“She raised to me a set of facts that were disturbing, at least,” Wisniewski says. “Here they are, they lose the breadwinner, and they have no recourse. The one asset that the boat owner owns is at the bottom of the creek. It didn’t seem right that at this time — when people driving [automobiles] have third-party protection — [that] we don’t require this for boats.”

The story that Veronica McGloan told Wisniewski began when she answered the telephone that Saturday afternoon three years ago in her South Amboy home. She says she wasn’t home earlier that day when her husband of 22 years, Donald, 47, got an invitation to go fishing on a neighbor’s 28-footer, which was docked about a half-mile from the McGloan home. She says that in the past he had declined similar invitations from the neighbor, whose son was a friend of the McGloan’s son, Donald Jr., then 18.

“I got a call that the boat had blown up and that my husband was trapped inside the cabin, but the fire was out and they were trying to get him out of the cabin,” McGloan says. “I went right to the marina.”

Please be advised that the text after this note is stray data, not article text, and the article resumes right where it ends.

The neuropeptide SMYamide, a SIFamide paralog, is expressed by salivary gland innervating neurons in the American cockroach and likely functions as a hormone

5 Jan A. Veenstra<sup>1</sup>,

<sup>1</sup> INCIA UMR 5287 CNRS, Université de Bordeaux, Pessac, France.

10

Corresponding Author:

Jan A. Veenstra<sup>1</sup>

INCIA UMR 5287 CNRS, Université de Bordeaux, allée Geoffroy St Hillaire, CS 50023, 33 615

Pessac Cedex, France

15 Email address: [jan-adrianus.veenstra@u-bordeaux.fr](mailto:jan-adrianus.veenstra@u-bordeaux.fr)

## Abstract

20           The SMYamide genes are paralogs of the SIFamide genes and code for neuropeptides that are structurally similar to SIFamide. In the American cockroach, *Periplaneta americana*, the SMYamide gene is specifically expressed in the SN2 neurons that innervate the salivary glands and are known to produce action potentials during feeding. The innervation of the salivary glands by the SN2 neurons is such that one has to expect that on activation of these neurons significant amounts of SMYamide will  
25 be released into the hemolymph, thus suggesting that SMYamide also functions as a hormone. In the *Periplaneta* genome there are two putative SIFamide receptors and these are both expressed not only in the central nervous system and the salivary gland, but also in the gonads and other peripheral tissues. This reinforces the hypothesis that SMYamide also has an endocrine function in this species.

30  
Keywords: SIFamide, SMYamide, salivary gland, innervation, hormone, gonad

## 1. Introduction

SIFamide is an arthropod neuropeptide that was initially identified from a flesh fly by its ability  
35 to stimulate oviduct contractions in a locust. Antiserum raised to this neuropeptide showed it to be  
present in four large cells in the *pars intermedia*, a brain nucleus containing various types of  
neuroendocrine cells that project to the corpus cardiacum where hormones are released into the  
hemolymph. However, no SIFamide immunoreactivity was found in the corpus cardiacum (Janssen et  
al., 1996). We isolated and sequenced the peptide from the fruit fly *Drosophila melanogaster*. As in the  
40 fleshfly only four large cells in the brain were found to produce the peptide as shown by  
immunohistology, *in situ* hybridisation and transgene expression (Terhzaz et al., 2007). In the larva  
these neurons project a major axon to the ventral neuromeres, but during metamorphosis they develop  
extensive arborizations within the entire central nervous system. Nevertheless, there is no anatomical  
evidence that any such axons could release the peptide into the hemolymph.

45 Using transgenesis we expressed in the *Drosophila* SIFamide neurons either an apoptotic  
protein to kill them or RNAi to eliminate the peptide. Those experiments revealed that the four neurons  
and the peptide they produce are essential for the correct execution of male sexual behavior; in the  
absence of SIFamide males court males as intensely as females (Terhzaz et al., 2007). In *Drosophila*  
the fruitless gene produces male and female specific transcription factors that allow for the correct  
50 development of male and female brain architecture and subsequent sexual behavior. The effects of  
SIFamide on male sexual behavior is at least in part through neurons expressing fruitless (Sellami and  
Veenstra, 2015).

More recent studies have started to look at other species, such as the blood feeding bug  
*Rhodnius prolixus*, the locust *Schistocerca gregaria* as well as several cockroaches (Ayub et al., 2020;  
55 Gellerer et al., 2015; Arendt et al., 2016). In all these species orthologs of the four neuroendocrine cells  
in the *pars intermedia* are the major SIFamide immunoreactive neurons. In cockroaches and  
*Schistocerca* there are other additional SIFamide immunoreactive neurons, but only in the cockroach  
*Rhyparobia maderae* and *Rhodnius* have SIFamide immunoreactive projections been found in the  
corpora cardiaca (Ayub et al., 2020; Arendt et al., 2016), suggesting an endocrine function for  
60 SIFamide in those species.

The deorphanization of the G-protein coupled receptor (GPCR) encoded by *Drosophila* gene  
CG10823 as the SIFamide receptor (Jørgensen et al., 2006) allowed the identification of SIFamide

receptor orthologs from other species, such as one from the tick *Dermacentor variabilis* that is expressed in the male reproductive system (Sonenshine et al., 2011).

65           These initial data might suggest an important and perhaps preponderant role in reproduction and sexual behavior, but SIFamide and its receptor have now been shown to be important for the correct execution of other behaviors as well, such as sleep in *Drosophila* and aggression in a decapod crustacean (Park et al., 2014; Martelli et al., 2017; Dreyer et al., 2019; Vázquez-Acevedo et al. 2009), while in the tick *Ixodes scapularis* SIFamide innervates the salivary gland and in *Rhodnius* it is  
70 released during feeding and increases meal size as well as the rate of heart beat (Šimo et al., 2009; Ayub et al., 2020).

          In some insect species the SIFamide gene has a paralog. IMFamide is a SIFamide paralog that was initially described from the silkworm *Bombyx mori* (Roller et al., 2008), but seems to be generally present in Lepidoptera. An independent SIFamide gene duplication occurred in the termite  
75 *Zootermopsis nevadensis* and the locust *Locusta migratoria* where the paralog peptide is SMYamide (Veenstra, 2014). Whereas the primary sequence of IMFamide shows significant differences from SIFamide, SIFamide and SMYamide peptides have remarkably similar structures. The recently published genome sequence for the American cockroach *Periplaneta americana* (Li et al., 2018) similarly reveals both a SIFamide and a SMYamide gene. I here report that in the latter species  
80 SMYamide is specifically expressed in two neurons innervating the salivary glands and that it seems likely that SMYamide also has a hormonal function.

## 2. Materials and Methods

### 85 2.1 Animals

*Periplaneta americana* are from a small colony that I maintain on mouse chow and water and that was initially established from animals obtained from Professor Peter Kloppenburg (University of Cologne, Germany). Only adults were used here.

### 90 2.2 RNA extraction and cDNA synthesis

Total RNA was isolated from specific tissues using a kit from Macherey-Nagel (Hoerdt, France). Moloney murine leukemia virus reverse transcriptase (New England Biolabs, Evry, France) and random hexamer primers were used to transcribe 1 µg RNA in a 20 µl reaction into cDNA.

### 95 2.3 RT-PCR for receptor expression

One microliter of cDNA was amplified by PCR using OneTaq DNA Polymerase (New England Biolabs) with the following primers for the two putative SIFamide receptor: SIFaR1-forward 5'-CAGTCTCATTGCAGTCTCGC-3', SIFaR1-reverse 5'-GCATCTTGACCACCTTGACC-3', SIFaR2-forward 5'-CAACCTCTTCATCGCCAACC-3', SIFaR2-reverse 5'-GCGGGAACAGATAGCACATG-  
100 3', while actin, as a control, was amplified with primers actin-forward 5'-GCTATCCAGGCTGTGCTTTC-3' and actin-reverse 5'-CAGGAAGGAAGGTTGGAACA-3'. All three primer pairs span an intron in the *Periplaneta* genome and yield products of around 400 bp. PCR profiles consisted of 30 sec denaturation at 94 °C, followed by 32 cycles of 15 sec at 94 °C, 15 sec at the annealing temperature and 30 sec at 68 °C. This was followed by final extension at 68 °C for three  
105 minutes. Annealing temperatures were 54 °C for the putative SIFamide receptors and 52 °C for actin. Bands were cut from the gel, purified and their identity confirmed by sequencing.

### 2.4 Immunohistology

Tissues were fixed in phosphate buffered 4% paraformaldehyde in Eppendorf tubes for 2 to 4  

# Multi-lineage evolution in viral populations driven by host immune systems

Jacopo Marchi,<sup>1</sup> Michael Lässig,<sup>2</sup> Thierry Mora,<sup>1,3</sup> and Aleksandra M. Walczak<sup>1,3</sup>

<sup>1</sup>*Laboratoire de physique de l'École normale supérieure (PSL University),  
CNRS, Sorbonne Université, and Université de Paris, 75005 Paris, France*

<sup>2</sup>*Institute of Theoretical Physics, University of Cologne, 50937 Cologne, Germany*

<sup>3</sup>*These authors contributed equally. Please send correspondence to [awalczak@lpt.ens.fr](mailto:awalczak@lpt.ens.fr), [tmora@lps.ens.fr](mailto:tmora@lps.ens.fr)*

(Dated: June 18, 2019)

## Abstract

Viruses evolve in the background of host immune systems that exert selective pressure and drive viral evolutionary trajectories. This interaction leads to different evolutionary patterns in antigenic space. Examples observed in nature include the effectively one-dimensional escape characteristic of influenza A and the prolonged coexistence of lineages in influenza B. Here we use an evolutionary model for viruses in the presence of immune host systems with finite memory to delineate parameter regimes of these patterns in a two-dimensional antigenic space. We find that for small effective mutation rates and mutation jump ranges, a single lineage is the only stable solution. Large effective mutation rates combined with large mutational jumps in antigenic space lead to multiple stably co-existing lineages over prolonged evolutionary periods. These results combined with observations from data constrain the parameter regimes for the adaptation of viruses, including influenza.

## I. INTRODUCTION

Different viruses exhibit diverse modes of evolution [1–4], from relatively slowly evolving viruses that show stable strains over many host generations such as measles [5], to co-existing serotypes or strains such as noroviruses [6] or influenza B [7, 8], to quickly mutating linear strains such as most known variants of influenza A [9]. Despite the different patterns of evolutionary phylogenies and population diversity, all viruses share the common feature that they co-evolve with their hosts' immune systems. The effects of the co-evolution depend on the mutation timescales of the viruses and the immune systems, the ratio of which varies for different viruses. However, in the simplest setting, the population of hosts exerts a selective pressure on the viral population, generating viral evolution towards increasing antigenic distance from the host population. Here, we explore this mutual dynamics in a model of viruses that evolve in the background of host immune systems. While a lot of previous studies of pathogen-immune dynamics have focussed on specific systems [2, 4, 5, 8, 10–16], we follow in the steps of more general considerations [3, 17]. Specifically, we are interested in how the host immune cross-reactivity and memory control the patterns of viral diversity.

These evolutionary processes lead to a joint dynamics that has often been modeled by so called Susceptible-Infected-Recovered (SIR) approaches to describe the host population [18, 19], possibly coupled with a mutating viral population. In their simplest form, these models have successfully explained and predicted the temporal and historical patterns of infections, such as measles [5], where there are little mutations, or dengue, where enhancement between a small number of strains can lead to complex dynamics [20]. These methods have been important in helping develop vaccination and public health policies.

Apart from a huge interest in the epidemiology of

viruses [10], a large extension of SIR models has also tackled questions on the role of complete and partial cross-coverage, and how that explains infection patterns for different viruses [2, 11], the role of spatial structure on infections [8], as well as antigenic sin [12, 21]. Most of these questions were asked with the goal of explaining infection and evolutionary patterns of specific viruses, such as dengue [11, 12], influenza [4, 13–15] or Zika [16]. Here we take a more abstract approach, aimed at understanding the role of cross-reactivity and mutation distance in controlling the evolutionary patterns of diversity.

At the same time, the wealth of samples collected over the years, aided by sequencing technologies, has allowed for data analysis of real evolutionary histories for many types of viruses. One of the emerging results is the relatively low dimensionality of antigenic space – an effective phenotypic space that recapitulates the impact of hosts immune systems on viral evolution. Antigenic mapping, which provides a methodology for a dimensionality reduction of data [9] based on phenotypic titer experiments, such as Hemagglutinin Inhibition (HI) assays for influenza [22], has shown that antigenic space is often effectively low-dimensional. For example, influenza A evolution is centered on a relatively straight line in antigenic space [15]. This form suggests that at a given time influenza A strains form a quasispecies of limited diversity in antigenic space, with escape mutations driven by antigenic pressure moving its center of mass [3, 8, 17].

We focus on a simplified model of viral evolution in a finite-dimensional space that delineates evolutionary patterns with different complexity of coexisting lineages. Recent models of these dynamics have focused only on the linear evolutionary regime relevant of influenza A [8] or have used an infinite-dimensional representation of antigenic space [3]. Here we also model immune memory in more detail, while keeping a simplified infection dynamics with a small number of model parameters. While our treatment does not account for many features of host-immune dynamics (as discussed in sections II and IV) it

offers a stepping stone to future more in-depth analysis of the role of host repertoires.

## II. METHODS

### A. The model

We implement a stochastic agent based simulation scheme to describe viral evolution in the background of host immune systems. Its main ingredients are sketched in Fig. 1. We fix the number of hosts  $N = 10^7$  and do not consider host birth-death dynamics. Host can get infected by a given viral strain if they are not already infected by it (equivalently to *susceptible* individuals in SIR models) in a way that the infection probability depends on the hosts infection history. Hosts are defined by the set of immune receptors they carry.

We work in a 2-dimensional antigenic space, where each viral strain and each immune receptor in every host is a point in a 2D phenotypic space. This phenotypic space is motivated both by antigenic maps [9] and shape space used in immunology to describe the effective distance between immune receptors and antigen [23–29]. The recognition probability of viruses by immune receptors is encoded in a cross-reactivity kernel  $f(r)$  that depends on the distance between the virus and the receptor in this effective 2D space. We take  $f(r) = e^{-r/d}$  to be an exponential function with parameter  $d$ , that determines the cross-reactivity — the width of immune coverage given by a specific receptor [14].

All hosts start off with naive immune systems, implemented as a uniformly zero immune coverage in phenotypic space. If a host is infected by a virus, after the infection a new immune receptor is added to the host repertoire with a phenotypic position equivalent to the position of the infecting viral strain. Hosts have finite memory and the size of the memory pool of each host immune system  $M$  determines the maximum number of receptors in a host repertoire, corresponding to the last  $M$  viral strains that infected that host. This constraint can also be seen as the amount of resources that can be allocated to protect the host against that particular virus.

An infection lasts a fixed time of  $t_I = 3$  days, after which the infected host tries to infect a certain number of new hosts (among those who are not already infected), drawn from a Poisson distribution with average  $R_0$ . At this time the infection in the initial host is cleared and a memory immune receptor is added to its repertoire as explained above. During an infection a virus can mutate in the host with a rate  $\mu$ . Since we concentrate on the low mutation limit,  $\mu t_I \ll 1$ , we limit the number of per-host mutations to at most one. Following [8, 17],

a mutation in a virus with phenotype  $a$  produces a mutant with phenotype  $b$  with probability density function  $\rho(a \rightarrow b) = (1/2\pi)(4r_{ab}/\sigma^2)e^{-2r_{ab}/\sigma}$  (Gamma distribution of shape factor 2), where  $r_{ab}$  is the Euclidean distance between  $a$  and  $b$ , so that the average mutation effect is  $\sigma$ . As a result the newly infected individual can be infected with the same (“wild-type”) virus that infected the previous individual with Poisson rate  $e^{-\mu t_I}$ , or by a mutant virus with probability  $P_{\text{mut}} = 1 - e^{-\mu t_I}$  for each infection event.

When she arrived at the marina, she says, she found her husband on the dock, conscious, with third degree burns over three quarters of his body. She says she was told that other boaters, along with fire and emergency medical workers, had extinguished the blaze and helped him onto the dock.

“They flew him by helicopter to St. Barnabas Hospital in Livingston,” says McGloan. For the next day and a half, doctors struggled to keep him alive, but he succumbed to his burns. There were 300 mourners at the funeral of the longtime truck driver. When the ceremony was over, Veronica McGloan, a 19-year employee of Middlesex County, found herself with Donald Jr. poised to enter college in the fall and her 21-year-old daughter, Denise, a recent junior-college graduate, ready to move on to a four-year school.

“But that had to stop after the first semester because I couldn’t afford it,” McGloan says.